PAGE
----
- It is believed that chlorinated water will interfere with the fermentation of a Sourdough Starter. So you can use mineral or any other non-chlorinated water. My tap water comes chlorinated and isn’t safe to use as is anyways, so I use filtered water.
- A largish wide mouthed glass jar with a loose fitting lid is best for a Sourdough Starter. If it has a metal lid, you can punch a couple of holes in the lid. The wide mouth allows for easy mixing and the loose lid allows for air circulation and escape for the carbon dioxide produced during fermentation. I use a one litre glass jar for my Starter.
- There are different ratios of flour to water that can be used to make a Sourdough Starter. Most people recommend a 1:1 ratio (100% hydration), that is equal amounts of flour and water mixed together.
- Yeast grows best at a temperature range of about 22C to 27C (72F to 80F). So if your weather is cooler than that you need to find a warm place for the Starter to grow, and in a warmer climate you need a cooler place. How long it takes to have an active Starter also depends partially on this.
- The key ito knowing if your Starter is close to being active enough for use is to watch it. If there is a reasonable amount of bubbling up and consistent rise in the jar, usually within about one to four hours from feeding, then it’s good to go.
- If you’re not into large batch baking or baking very frequently, it might be a good idea to make a smaller batch of the starter. Most bakers advice discarding half the starter before regular feeding but I’m not happy about throwing away food. This discard can be used to make waffles, pancakes, scones, muffins, crackers, etc but I don’t always have the need to make something with the discard. So I make smaller quantities of the starter.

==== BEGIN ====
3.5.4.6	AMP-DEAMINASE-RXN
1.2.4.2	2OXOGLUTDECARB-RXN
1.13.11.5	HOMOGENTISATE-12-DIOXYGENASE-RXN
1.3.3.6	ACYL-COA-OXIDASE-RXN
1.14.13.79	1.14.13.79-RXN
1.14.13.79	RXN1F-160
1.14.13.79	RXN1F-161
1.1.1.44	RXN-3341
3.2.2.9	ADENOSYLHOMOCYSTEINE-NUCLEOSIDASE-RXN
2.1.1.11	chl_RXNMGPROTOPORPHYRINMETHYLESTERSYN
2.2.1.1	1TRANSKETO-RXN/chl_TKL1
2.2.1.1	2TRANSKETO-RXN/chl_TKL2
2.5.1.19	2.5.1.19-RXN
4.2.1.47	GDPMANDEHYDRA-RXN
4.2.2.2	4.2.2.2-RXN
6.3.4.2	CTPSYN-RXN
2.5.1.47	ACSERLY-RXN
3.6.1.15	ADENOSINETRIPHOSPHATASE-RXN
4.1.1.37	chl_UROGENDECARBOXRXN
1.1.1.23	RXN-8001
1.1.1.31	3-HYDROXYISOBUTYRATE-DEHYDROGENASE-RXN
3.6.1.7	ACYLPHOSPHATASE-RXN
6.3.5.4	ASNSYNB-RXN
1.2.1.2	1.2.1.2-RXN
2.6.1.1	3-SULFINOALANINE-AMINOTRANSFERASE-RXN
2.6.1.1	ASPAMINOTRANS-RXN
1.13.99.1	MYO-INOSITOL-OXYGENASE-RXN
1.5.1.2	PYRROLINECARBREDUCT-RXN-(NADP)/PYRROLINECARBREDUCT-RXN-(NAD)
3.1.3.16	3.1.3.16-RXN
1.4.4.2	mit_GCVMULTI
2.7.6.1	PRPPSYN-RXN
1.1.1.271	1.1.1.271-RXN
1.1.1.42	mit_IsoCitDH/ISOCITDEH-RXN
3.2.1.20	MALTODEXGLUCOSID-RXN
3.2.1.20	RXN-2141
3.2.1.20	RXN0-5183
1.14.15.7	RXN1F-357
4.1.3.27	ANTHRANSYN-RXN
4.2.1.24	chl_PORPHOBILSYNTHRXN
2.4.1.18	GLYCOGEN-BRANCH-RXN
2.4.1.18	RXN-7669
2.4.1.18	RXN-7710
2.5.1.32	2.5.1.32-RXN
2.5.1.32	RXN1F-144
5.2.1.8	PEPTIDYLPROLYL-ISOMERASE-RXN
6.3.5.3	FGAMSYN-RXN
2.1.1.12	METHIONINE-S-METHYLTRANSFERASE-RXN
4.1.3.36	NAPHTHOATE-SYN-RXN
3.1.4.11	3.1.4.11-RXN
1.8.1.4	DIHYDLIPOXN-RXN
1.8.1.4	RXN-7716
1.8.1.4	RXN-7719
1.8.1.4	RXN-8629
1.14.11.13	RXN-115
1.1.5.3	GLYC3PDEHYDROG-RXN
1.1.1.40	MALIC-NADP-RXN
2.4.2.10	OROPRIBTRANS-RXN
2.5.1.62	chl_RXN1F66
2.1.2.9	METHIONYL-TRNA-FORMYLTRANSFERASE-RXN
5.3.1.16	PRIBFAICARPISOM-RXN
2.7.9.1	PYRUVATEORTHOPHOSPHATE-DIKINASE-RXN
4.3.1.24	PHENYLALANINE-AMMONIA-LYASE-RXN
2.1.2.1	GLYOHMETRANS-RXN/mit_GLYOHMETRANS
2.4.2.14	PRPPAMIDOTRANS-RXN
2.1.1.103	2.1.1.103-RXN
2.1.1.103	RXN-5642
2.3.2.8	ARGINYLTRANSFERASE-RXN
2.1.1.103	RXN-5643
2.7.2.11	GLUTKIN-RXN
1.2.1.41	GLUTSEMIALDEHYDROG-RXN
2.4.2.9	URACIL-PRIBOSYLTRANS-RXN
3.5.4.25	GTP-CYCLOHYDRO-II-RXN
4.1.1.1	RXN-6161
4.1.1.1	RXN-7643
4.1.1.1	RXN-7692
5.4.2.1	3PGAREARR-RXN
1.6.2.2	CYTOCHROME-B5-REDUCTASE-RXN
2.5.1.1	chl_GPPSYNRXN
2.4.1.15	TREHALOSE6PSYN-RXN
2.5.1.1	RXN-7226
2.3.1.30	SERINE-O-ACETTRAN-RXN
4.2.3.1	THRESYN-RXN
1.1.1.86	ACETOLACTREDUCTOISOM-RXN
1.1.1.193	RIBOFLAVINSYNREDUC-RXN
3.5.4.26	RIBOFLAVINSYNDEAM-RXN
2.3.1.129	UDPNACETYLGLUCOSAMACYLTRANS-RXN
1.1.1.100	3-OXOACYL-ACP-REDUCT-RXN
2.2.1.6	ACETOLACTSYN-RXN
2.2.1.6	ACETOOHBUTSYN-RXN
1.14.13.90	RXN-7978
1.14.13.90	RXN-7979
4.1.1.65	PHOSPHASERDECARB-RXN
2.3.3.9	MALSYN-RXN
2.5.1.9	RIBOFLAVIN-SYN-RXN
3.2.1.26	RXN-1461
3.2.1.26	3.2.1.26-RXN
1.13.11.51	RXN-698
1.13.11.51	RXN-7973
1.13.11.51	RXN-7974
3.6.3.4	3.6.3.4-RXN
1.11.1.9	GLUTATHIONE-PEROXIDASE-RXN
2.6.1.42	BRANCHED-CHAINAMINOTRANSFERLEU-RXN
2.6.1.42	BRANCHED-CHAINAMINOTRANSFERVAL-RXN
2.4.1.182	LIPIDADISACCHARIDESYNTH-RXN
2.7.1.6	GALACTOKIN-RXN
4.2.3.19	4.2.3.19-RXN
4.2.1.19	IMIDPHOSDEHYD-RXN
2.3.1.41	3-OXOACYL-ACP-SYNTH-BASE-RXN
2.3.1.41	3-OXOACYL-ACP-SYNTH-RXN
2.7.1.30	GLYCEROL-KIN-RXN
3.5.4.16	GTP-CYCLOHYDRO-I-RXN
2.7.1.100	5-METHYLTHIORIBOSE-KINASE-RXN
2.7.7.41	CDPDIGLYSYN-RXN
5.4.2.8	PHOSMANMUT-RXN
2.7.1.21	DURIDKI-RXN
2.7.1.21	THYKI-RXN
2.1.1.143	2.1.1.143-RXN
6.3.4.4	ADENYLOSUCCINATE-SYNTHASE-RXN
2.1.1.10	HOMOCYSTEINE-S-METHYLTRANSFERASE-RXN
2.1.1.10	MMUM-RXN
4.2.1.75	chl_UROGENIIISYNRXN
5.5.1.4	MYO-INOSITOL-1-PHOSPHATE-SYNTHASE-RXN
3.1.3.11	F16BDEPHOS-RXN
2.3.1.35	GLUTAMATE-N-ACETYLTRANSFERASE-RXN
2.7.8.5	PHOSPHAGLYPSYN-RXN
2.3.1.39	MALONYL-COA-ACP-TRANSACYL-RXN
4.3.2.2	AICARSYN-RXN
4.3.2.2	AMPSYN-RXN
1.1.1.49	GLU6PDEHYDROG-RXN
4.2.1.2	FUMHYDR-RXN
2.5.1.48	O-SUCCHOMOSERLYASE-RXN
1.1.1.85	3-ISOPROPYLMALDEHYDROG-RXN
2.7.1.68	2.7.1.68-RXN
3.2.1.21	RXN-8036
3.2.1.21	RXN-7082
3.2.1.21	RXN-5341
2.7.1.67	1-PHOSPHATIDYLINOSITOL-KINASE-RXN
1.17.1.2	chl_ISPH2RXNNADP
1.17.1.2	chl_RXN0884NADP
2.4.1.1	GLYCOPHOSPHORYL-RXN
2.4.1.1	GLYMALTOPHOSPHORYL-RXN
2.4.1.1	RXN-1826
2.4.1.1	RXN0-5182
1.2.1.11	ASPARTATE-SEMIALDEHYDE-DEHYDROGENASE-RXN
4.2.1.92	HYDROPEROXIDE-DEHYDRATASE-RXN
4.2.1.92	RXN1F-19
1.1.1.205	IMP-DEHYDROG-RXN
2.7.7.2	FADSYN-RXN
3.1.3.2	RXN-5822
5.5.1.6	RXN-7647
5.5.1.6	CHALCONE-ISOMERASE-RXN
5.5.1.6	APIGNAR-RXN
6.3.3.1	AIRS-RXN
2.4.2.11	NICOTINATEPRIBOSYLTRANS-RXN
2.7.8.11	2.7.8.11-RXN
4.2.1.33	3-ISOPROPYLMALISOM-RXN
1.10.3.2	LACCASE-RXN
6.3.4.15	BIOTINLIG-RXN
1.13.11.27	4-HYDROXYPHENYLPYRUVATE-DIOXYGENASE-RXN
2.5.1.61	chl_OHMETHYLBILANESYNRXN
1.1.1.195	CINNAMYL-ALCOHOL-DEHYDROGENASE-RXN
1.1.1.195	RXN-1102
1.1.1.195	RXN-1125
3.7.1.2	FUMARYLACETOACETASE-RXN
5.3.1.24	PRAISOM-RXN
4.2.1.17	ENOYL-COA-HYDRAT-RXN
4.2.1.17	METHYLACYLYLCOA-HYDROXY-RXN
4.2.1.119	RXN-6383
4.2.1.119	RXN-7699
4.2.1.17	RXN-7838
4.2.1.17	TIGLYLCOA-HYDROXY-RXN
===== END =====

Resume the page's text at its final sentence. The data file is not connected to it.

- At some point, if you do not use up or discard some part of your Sourdough Starter the jar is going to fill up. So with a little planning ahead, you can use up this discard in recipes other than bread.
- Ideally, the consistency of the Sourdough Starter should be on the firm side and not soupy or thin. If your Starter shows signs of this, you can adjust by mixing in a little more flour to achieve a firmer consistency.
- The longer your Sourdough Starter ferments, the stronger the flavour of your bread. However too much fermentation can make for very sour sharp bread, so it’s a good idea to refrigerate the starter after about 3 to 4 days especially if it very warm where you live.
- Loosely cover the jar in which the starter is in and refrigerate it. Remember to feed it just before you do. When you’re ready to use the Sourdough Starter, keep it out until it is at room temperature. Feed the Starter and allow it to ferment until it is bubbly (about 10 to 12 hours). Now you can use it to bake bread.
- Sometimes, during the process of fermentation, you might find a brownish coloured liquid collecting in the jar. This is called “hooch” and is the alcohol which is produced during fermentation. It is generally an indicator that the Starter hasn’t been fed enough or frequently enough. You can just pour the hooch off and continue with regular feeding cycles.
- Please note that I live in the tropics where it is very warm. Fermentation takes much less time here. The temperature where you live will determine how long your Sourdough Starter takes to ferment and become bubbly.